Greenify can be like freezing an app. It prevents an app from executing (wakelock) on it's own. But, unlike freezing which makes the app unavailable UNLESS you unfreeze it, Greenify keeps the app from wakelocking (which drains battery), but if it's an app I do use, I don't have to do anything to use it. I just run the app and when I'm done, once it's back in the background, Greenify will hibernate the app so it won't wake up and attempt to do something. Now, this won't work for system apps unless you get the "donate" version of the app, but the free app works just great for most apps.

Unbounce helps with how often your phone wakes up. Just the default settings alone helps.

I also use my phone as an alarm clock and Greenify and Unbounce have not affected it at all. I get my texts as they arrive, etc.

I get, with my non-MAXX Droid HD (XT926) about 1.5 days with normal usage. Today, I'm at 52% after 19 hours and 33 minutes of use. This includes about 1 hour of listening to music via PowerAmp, texting, getting on the web, updating apps via Google Play, etc. See the attached screen shot.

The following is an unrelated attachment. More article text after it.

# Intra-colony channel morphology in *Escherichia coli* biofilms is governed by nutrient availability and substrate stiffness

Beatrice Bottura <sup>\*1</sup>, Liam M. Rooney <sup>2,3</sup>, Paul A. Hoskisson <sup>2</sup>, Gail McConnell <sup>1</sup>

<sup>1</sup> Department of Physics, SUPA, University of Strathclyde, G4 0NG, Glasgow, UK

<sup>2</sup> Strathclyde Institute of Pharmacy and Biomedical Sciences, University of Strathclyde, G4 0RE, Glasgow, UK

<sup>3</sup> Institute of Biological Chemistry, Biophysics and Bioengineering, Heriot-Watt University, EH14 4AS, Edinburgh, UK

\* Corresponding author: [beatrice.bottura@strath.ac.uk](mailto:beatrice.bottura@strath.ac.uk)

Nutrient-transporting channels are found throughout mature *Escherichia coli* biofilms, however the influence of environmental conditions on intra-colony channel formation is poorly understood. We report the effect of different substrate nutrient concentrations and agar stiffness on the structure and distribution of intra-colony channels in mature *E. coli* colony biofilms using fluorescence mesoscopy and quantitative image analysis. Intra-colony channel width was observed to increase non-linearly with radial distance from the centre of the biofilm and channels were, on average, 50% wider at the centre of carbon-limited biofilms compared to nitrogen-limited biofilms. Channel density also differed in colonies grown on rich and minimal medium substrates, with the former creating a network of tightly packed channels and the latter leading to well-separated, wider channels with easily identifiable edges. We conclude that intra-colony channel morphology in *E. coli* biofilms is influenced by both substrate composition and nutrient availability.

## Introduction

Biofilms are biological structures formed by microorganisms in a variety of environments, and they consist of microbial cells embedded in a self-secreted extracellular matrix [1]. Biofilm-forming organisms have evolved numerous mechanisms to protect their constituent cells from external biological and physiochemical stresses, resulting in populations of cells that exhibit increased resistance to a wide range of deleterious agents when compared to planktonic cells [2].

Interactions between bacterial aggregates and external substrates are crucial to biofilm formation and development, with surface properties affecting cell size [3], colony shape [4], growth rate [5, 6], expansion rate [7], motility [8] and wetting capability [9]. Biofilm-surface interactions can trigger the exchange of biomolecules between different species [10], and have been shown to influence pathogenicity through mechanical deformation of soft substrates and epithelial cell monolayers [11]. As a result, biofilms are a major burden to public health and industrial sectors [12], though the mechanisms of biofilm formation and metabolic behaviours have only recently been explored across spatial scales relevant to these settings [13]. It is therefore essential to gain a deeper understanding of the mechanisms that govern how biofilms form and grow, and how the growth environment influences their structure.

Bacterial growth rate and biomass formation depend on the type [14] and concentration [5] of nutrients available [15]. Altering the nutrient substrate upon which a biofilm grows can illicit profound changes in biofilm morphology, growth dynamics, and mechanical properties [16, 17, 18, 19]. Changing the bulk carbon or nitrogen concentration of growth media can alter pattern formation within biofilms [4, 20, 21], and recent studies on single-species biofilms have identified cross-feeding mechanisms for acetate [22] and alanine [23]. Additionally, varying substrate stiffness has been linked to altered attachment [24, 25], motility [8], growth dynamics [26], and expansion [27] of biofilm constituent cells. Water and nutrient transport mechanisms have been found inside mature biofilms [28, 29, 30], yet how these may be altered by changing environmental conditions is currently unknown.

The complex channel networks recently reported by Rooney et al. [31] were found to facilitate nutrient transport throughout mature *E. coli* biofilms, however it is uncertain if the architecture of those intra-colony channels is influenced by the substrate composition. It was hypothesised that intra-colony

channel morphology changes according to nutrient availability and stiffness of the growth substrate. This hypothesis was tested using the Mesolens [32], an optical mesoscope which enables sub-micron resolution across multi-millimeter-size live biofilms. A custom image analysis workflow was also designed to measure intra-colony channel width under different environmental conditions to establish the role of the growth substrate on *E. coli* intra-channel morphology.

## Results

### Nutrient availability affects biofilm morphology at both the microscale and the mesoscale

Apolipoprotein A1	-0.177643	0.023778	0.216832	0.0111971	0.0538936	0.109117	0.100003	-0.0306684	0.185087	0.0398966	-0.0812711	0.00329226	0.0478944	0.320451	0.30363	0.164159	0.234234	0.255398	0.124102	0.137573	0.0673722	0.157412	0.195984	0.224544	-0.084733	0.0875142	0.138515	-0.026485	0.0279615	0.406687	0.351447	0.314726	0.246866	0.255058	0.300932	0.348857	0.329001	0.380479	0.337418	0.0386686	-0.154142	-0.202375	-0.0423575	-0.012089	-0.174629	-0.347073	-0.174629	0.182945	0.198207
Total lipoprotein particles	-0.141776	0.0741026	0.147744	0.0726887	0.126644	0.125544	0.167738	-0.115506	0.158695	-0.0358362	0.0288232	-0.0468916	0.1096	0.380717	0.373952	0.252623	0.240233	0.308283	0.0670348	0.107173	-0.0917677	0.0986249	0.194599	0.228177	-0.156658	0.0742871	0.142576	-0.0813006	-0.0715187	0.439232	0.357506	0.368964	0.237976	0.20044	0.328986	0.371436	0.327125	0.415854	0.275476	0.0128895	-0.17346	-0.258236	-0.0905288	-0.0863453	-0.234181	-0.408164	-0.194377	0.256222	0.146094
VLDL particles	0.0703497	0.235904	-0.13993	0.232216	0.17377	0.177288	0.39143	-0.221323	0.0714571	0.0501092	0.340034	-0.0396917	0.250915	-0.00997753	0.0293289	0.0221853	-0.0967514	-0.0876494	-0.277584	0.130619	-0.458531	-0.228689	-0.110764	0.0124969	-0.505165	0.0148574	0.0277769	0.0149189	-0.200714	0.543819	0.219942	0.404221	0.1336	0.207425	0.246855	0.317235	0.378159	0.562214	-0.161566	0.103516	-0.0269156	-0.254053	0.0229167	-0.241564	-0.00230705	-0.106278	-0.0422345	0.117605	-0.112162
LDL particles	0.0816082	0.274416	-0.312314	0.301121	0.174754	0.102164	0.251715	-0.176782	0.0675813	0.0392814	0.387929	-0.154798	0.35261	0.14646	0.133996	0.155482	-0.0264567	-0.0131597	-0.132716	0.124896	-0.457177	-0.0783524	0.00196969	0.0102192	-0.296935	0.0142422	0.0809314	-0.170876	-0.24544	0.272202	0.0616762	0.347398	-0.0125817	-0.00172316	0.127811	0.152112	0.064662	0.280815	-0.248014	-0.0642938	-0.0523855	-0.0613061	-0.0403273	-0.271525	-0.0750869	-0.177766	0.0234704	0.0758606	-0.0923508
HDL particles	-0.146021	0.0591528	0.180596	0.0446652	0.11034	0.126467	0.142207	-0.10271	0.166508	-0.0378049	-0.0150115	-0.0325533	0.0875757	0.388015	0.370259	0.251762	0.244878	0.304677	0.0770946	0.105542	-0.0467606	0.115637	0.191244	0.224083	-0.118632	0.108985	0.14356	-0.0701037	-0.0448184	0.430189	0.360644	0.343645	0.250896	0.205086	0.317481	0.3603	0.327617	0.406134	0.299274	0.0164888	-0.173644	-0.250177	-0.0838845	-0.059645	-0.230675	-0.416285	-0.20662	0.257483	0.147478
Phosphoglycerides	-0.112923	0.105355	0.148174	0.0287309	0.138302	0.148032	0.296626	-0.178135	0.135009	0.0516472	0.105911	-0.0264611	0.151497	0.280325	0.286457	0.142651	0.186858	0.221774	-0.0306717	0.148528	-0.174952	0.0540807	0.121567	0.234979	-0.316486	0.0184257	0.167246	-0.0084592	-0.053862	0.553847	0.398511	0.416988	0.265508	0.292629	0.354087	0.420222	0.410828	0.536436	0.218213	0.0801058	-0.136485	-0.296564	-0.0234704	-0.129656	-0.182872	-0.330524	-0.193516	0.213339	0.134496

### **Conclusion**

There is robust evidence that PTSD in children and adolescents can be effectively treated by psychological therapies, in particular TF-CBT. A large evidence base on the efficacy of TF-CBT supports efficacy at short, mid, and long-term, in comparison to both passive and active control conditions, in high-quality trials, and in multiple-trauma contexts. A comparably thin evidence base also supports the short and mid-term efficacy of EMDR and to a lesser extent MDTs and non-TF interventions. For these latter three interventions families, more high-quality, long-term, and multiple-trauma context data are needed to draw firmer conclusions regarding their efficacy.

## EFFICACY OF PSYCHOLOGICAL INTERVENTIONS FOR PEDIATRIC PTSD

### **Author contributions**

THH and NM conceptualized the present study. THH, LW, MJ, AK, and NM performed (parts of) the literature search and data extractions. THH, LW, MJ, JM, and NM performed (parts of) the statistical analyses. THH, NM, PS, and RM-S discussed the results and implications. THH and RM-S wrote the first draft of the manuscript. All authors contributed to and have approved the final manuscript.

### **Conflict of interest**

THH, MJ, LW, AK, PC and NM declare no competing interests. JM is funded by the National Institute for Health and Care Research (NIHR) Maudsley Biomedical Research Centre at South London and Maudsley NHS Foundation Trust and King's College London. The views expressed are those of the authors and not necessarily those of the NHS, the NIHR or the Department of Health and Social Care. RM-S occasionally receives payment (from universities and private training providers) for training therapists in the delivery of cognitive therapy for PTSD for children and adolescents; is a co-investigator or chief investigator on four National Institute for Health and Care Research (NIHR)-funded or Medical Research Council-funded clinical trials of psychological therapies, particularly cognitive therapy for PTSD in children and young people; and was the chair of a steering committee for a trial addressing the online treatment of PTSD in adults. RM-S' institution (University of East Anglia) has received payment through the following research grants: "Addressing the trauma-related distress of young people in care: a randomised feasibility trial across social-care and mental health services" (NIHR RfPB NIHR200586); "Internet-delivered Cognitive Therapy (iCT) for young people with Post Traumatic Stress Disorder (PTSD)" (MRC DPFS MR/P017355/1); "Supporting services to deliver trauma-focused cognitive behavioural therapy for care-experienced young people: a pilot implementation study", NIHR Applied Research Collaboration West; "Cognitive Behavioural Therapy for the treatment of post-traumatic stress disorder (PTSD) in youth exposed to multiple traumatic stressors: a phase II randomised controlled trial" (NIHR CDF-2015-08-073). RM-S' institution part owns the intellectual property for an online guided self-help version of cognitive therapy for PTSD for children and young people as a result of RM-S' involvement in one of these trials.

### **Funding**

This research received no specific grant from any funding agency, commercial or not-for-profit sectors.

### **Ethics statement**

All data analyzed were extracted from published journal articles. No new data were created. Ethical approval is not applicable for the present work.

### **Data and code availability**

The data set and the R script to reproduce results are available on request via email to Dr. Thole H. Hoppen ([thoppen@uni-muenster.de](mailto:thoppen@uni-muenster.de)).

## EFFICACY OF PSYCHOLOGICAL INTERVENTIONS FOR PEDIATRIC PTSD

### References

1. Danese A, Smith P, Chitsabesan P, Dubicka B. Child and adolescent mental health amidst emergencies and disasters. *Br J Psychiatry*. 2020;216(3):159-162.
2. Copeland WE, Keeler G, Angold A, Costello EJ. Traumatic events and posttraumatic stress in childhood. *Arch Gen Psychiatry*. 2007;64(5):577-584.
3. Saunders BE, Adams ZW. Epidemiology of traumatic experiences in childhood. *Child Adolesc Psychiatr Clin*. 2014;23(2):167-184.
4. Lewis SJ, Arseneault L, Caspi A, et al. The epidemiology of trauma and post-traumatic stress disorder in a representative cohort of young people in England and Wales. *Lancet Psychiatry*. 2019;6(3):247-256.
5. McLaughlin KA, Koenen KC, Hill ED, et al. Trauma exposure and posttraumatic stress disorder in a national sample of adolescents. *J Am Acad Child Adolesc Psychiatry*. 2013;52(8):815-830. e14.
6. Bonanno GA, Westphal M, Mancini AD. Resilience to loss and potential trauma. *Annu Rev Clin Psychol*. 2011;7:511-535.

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I even have smart actions for saving the battery. I also use my phone's alarm. Im not sure why I'm seeing Google play services since I have it set to manual update of apps. I started the day, at 4 am, with 100%, so I'll watch it today to see what's going on. It's just weird and coincidental that I had a system update and now the battery life is draining fast.